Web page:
Bernice and I agree that if we had met earlier in our lives, we would have killed each other. At the very least we wouldn’t have gotten married. For those who understand the arcane coding of Myers-Briggs, I am ENTJ and she is an ISFJ. For those who do not know, it just means we are very different. Yet, often opposites attract each other. And run into trouble later.
1. Opposites attract
You are a quiet person. You are drawn to someone vivacious and outgoing, energised by his or her personality. This person in turn is drawn to the quiet you, seeing you as someone who can keep him or her rooted and less superficial. You can name any number of opposites who attract each other. We are drawn to people who we think will complete us and compensate for our weaknesses.
2. Opposites attack
After the opposites marry, tensions arise. The quiet person is worn out by the constant socialising of the outgoing partner. The outgoing partner wonders why the quiet partner is such a wet blanket. They fight. The situation is different from when one is dating. When you are dating, you can still go your separate ways at the end of the day, back to your individual homes and your individual lives. When you are married your lives are intertwined and impact each other directly.
3. Opposites accept
At some point, the “opposite” couple must make the choice to accept each other. There are two things that they must accept. First, they need to accept the partner who is different from them. We take pains to point out, when we do marriage preparation counselling, that people getting married must accept the partner as he or she is. It is very dangerous to enter a marriage rejecting key elements of your partner’s personality and behaviour and hoping to change your partner after marriage.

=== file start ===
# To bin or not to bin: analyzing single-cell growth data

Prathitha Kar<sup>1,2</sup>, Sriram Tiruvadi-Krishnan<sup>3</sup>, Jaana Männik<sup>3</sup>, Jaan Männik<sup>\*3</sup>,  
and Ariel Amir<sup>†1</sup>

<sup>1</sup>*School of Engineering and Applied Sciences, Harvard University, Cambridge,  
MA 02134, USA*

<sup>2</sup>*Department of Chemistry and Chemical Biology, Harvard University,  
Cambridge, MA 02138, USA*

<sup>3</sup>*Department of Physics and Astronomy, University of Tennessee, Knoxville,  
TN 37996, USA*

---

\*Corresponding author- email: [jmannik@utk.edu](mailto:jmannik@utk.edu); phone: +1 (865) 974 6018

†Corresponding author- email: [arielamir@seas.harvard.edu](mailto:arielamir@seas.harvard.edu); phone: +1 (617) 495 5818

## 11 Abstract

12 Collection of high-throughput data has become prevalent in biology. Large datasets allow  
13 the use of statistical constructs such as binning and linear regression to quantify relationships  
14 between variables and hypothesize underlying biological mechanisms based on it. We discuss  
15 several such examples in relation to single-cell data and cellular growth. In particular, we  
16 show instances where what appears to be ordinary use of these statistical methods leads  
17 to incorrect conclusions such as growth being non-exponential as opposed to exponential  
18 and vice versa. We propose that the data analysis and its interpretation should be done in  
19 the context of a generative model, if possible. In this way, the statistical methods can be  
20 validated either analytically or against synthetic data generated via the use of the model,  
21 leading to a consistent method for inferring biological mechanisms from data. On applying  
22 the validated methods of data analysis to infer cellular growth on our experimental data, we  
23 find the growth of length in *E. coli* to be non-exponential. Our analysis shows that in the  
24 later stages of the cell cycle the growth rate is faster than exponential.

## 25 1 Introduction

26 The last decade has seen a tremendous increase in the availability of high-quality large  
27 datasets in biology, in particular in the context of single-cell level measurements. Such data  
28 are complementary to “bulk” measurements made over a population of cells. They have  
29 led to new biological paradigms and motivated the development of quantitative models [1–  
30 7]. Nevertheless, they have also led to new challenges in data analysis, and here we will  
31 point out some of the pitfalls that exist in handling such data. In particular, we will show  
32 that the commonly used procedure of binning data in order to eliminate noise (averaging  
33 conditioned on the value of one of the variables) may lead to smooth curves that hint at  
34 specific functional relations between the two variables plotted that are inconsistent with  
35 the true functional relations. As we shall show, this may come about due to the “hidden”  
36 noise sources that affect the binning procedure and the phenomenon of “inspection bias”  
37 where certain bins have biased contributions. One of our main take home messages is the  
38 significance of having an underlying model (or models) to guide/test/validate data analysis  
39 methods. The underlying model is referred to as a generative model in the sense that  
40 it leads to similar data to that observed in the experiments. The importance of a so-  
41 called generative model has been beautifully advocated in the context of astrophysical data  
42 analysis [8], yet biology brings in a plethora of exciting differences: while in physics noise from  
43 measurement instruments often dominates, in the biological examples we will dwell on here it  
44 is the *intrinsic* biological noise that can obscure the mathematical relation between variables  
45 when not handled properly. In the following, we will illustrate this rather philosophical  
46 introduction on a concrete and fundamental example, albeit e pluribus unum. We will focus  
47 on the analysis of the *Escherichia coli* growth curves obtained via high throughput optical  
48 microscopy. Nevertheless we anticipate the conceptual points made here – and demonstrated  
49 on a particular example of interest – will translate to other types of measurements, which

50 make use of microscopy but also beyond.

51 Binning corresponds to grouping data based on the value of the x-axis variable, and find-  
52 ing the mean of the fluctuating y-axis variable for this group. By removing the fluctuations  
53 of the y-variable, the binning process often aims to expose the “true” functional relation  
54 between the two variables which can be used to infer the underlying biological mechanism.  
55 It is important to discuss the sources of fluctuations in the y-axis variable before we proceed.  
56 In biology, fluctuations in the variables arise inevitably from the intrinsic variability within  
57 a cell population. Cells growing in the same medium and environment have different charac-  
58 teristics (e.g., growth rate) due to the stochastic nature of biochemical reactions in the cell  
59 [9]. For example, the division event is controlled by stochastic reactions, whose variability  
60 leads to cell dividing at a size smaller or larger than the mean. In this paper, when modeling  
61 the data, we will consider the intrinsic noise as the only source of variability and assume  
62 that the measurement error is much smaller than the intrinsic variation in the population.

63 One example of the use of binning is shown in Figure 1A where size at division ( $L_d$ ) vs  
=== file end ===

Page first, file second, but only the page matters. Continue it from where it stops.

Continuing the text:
But the partners must also learn to accept themselves. Sometimes conflict arises because one or both partners are insecure about themselves and compensate by aggressively trying to make the other person accept him or her.
4. Opposites appreciate
A mature couple reaches a stage where both parties appreciate their differences. They no longer compete but complement each other. They see their partner’s strengths not as a threat but as an asset, realising that together they are stronger than if they had been alone. They realise the truth of the Bible’s teaching that two are better than one (Ecclesiastes 4:9).
Ideally, a couple should have enough similarities so that their marriage is stable, and enough differences so that they can enrich one another. The same principle applies for other relationships too, like the relationships between members of a leadership team. Indeed, the Bible sees unity with diversity as the norm for the body of Christ (1 Corinthians 12). But it is in marriage that this principle is most needed and most tested.
Let me give an example of this principle in action. For the longest time I knew about the “opposites attract” and “opposites attack” sequence. I wanted a third point, with a word starting with an “A,” to make a positive statement. Last weekend I suddenly thought about “opposites appreciate.” I was excited and shared it with Bernice. Here was a three-point talk. Mister Big Picture was ready to roll. But Bernice was thoughtful and said you need to accept first before you appreciate. Hence the point about “opposites accept.” The final framework is what you see above, the combined work of two people who are very different but who are at a stage of life where they appreciate each other and complement each other.
You know we would be lying if we said that our marriage is free from conflict. But we are getting better.